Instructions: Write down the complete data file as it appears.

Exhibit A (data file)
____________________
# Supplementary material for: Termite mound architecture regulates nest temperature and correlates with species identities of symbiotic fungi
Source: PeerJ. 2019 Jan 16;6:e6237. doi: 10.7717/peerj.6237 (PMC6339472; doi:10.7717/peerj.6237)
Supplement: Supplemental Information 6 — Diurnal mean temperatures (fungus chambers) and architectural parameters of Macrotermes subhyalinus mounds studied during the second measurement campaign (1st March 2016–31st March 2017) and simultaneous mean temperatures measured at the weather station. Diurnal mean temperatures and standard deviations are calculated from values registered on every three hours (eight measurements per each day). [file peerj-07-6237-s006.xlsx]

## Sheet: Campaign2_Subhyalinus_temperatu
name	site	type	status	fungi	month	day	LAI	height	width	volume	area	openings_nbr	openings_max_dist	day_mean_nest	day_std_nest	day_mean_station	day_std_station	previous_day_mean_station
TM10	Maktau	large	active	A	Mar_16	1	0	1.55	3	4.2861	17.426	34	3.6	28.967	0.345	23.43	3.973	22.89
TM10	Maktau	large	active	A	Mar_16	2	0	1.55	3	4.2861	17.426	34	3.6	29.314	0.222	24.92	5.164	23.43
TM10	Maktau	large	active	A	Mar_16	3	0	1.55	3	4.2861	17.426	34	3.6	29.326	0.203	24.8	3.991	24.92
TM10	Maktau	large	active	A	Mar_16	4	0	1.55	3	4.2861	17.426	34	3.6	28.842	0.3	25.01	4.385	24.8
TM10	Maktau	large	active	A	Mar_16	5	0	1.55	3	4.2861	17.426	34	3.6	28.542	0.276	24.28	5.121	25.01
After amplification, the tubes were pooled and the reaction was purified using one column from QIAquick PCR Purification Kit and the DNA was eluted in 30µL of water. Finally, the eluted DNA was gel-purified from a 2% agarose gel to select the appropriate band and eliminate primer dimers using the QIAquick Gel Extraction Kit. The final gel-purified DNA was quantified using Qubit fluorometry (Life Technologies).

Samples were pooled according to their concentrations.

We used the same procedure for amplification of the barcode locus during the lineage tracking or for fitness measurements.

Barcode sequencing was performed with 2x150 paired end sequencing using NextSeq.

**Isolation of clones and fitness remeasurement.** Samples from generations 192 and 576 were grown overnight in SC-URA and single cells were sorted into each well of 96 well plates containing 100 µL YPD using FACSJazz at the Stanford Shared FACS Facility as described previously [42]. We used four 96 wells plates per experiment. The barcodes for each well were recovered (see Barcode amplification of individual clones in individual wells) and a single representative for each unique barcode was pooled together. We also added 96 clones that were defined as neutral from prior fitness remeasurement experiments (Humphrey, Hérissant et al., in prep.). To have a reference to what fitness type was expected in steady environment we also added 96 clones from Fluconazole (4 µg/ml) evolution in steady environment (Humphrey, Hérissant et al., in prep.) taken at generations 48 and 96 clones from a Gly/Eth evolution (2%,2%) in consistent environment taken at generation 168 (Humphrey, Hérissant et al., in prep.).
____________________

# Supplementary material for: Termite mound architecture regulates nest temperature and correlates with species identities of symbiotic fungi
Source: PeerJ. 2019 Jan 16;6:e6237. doi: 10.7717/peerj.6237 (PMC6339472; doi:10.7717/peerj.6237)
Supplement: Supplemental Information 6 — Diurnal mean temperatures (fungus chambers) and architectural parameters of Macrotermes subhyalinus mounds studied during the second measurement campaign (1st March 2016–31st March 2017) and simultaneous mean temperatures measured at the weather station. Diurnal mean temperatures and standard deviations are calculated from values registered on every three hours (eight measurements per each day). [file peerj-07-6237-s006.xlsx]

## Sheet: Campaign2_Subhyalinus_temperatu
name	site	type	status	fungi	month	day	LAI	height	width	volume	area	openings_nbr	openings_max_dist	day_mean_nest	day_std_nest	day_mean_station	day_std_station	previous_day_mean_station
TM10	Maktau	large	active	A	Mar_16	1	0	1.55	3	4.2861	17.426	34	3.6	28.967	0.345	23.43	3.973	22.89
TM10	Maktau	large	active	A	Mar_16	2	0	1.55	3	4.2861	17.426	34	3.6	29.314	0.222	24.92	5.164	23.43
TM10	Maktau	large	active	A	Mar_16	3	0	1.55	3	4.2861	17.426	34	3.6	29.326	0.203	24.8	3.991	24.92
TM10	Maktau	large	active	A	Mar_16	4	0	1.55	3	4.2861	17.426	34	3.6	28.842	0.3	25.01	4.385	24.8
TM10	Maktau	large	active	A	Mar_16	5	0	1.55	3	4.2861	17.426	34	3.6	28.542	0.276	24.28	5.121	25.01
After amplification, the tubes were pooled and the reaction was purified using one column from QIAquick PCR Purification Kit and the DNA was eluted in 30µL of water. Finally, the eluted DNA was gel-purified from a 2% agarose gel to select the appropriate band and eliminate primer dimers using the QIAquick Gel Extraction Kit. The final gel-purified DNA was quantified using Qubit fluorometry (Life Technologies).

Samples were pooled according to their concentrations.

We used the same procedure for amplification of the barcode locus during the lineage tracking or for fitness measurements.

Barcode sequencing was performed with 2x150 paired end sequencing using NextSeq.

**Isolation of clones and fitness remeasurement.** Samples from generations 192 and 576 were grown overnight in SC-URA and single cells were sorted into each well of 96 well plates containing 100 µL YPD using FACSJazz at the Stanford Shared FACS Facility as described previously [42]. We used four 96 wells plates per experiment. The barcodes for each well were recovered (see Barcode amplification of individual clones in individual wells) and a single representative for each unique barcode was pooled together. We also added 96 clones that were defined as neutral from prior fitness remeasurement experiments (Humphrey, Hérissant et al., in prep.). To have a reference to what fitness type was expected in steady environment we also added 96 clones from Fluconazole (4 µg/ml) evolution in steady environment (Humphrey, Hérissant et al., in prep.) taken at generations 48 and 96 clones from a Gly/Eth evolution (2%,2%) in consistent environment taken at generation 168 (Humphrey, Hérissant et al., in prep.).